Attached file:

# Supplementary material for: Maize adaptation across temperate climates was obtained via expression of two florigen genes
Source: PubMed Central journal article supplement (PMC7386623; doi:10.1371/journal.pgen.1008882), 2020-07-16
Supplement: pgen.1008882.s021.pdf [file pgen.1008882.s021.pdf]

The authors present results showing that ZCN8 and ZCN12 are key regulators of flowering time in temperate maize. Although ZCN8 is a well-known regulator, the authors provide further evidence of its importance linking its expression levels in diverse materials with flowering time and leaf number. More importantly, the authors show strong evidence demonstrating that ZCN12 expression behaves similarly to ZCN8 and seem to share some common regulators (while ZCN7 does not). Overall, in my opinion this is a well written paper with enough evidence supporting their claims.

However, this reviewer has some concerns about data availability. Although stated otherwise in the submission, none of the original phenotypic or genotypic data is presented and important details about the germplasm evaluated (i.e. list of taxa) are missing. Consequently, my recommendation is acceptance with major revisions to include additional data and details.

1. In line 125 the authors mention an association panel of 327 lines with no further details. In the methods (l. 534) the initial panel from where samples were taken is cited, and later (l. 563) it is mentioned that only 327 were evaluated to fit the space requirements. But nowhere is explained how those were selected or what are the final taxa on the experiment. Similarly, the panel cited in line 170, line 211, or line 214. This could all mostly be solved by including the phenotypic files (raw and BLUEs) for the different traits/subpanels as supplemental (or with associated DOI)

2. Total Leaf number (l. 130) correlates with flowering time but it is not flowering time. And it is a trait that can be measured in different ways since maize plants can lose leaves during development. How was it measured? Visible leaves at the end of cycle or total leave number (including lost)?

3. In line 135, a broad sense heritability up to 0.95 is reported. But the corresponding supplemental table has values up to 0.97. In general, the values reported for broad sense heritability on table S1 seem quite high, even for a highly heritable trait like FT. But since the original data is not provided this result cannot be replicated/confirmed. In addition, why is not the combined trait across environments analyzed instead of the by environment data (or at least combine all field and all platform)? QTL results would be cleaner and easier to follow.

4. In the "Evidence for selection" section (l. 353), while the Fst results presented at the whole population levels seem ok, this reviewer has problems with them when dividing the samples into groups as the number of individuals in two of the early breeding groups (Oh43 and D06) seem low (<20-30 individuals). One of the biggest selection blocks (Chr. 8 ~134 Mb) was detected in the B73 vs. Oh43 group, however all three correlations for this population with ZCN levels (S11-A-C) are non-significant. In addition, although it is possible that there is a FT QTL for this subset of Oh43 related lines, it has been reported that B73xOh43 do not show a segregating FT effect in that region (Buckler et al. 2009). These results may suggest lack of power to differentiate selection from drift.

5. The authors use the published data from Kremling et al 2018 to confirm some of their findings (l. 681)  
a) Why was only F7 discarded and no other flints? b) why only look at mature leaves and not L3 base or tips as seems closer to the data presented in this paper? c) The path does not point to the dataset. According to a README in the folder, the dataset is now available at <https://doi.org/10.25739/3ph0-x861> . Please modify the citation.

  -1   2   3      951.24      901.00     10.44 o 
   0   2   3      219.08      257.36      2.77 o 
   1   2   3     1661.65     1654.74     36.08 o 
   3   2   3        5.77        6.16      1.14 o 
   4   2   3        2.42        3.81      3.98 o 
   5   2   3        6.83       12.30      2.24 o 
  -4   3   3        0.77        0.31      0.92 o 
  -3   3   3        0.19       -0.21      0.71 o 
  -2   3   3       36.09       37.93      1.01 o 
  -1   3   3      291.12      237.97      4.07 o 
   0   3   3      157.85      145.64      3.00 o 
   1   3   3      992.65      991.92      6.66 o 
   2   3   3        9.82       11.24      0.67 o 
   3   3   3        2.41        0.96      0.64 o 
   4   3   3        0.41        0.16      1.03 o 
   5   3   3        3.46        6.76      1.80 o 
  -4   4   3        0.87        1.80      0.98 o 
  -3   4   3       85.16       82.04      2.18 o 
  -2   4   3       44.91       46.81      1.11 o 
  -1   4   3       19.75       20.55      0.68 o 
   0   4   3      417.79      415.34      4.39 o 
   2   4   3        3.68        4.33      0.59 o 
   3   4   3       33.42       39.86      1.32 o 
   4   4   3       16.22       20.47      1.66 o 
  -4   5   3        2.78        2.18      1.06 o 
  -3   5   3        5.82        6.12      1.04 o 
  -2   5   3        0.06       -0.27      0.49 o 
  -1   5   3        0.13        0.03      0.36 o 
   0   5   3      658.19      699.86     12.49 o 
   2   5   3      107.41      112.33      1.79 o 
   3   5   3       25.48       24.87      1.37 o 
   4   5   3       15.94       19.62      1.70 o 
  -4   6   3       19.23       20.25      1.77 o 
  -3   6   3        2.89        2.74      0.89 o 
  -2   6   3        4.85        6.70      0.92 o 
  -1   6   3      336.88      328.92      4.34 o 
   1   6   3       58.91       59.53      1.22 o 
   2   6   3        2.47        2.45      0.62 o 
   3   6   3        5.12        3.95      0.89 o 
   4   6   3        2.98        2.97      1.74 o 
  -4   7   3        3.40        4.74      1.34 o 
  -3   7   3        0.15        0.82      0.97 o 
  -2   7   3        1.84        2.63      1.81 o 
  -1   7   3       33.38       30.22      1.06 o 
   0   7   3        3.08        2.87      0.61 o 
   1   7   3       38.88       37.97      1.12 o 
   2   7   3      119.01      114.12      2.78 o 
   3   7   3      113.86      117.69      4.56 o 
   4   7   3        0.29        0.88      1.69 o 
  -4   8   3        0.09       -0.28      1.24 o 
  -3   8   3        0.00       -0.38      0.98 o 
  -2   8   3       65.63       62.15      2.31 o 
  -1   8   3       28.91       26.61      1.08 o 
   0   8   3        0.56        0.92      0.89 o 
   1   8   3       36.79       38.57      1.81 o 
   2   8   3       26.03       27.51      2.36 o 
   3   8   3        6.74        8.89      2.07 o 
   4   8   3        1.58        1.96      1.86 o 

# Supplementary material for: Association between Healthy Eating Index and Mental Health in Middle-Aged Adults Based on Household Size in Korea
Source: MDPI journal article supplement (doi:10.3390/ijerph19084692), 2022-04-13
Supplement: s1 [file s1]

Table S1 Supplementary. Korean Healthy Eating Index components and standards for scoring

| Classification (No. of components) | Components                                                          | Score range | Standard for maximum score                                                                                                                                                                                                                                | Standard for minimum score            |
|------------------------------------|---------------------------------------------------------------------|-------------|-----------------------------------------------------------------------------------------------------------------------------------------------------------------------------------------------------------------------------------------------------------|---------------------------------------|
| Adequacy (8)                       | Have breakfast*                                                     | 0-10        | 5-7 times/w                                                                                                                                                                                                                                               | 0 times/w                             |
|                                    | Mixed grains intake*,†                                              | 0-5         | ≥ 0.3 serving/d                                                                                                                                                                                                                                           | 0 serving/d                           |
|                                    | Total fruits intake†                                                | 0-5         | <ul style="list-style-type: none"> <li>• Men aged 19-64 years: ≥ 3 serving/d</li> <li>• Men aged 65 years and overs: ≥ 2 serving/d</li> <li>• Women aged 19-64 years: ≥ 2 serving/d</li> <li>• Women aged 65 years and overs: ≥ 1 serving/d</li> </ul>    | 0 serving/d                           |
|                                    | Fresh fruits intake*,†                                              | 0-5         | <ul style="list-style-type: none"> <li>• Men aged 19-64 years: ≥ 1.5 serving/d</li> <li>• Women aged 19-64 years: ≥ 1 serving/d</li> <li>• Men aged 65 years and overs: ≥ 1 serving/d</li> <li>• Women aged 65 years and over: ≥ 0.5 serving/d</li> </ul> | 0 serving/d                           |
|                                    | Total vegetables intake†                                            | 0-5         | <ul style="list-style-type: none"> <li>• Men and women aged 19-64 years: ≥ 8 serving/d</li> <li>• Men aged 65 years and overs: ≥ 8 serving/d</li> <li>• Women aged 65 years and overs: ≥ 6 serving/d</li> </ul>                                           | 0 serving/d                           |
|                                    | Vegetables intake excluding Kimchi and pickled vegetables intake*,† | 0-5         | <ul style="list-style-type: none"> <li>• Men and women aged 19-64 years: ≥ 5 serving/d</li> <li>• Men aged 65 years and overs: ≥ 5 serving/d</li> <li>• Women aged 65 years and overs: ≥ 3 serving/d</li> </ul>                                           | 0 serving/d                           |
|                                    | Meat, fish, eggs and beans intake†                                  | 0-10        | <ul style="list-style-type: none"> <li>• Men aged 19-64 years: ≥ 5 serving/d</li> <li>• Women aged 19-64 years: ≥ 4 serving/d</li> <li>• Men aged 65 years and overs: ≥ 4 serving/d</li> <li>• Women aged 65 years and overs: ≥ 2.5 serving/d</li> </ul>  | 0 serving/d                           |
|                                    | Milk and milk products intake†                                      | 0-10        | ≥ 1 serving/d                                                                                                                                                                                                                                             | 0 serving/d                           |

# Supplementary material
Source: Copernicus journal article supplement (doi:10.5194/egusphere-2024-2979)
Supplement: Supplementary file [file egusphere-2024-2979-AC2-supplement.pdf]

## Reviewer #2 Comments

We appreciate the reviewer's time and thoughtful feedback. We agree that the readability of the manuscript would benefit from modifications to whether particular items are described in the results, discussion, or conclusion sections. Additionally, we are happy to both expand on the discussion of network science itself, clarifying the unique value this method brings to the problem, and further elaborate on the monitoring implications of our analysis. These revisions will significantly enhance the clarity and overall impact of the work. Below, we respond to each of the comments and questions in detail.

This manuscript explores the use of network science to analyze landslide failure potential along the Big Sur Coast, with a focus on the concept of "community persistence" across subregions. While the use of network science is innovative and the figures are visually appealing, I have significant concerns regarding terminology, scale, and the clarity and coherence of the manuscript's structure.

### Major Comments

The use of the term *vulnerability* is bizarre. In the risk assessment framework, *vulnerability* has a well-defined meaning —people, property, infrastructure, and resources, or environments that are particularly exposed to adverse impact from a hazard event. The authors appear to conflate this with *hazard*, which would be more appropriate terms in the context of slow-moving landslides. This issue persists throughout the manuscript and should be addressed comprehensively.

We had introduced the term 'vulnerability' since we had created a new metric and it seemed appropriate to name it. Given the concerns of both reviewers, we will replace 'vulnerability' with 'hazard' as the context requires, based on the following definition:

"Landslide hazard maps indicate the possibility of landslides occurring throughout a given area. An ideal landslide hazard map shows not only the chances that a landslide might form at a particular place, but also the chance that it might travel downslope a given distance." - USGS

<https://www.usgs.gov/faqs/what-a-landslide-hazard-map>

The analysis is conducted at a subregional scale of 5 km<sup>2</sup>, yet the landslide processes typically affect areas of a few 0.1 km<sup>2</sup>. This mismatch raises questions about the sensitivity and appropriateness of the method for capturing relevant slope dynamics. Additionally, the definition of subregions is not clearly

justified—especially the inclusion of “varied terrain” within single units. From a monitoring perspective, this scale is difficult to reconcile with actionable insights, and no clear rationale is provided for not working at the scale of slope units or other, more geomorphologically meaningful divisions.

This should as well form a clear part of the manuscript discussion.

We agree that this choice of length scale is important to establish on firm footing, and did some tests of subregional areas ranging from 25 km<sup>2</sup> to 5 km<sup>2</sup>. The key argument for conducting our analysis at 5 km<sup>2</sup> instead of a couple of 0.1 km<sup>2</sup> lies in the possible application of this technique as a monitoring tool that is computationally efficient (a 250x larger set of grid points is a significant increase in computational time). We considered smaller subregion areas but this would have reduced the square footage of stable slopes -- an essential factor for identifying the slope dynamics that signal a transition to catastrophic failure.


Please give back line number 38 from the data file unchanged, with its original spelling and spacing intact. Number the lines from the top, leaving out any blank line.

  -2   5   3        0.06       -0.27      0.49 o 